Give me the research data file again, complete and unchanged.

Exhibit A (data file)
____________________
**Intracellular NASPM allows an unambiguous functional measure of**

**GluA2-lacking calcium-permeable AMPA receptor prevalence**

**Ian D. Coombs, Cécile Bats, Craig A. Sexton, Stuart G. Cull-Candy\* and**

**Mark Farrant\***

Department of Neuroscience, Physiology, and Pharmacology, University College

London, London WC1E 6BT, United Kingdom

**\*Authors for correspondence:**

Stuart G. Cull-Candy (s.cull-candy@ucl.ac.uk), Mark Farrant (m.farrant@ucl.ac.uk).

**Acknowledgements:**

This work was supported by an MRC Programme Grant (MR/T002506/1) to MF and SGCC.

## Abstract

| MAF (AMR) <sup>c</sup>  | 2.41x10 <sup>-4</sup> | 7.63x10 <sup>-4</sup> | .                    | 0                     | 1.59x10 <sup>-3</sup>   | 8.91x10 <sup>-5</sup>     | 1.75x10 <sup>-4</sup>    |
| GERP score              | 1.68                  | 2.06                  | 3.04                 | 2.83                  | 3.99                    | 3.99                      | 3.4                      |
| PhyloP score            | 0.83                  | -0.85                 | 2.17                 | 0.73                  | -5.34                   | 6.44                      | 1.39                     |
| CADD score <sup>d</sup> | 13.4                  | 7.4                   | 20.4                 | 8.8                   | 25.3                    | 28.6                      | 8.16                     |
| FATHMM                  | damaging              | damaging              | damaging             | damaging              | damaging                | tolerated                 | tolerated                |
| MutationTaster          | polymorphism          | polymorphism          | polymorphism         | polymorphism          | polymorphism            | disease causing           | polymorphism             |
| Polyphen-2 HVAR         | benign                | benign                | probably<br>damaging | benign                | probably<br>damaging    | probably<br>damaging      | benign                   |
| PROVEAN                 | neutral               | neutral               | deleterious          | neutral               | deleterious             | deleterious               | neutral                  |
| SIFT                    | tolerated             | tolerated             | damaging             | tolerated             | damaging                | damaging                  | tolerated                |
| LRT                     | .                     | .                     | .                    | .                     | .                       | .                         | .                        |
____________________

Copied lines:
**Intracellular NASPM allows an unambiguous functional measure of**

**GluA2-lacking calcium-permeable AMPA receptor prevalence**

**Ian D. Coombs, Cécile Bats, Craig A. Sexton, Stuart G. Cull-Candy\* and**

**Mark Farrant\***

Department of Neuroscience, Physiology, and Pharmacology, University College

London, London WC1E 6BT, United Kingdom

**\*Authors for correspondence:**

Stuart G. Cull-Candy (s.cull-candy@ucl.ac.uk), Mark Farrant (m.farrant@ucl.ac.uk).

**Acknowledgements:**

This work was supported by an MRC Programme Grant (MR/T002506/1) to MF and SGCC.

## Abstract

| MAF (AMR) <sup>c</sup>  | 2.41x10 <sup>-4</sup> | 7.63x10 <sup>-4</sup> | .                    | 0                     | 1.59x10 <sup>-3</sup>   | 8.91x10 <sup>-5</sup>     | 1.75x10 <sup>-4</sup>    |
| GERP score              | 1.68                  | 2.06                  | 3.04                 | 2.83                  | 3.99                    | 3.99                      | 3.4                      |
| PhyloP score            | 0.83                  | -0.85                 | 2.17                 | 0.73                  | -5.34                   | 6.44                      | 1.39                     |
| CADD score <sup>d</sup> | 13.4                  | 7.4                   | 20.4                 | 8.8                   | 25.3                    | 28.6                      | 8.16                     |
| FATHMM                  | damaging              | damaging              | damaging             | damaging              | damaging                | tolerated                 | tolerated                |
| MutationTaster          | polymorphism          | polymorphism          | polymorphism         | polymorphism          | polymorphism            | disease causing           | polymorphism             |
| Polyphen-2 HVAR         | benign                | benign                | probably<br>damaging | benign                | probably<br>damaging    | probably<br>damaging      | benign                   |
| PROVEAN                 | neutral               | neutral               | deleterious          | neutral               | deleterious             | deleterious               | neutral                  |
| SIFT                    | tolerated             | tolerated             | damaging             | tolerated             | damaging                | damaging                  | tolerated                |
| LRT                     | .                     | .                     | .                    | .                     | .                       | .                         | .                        |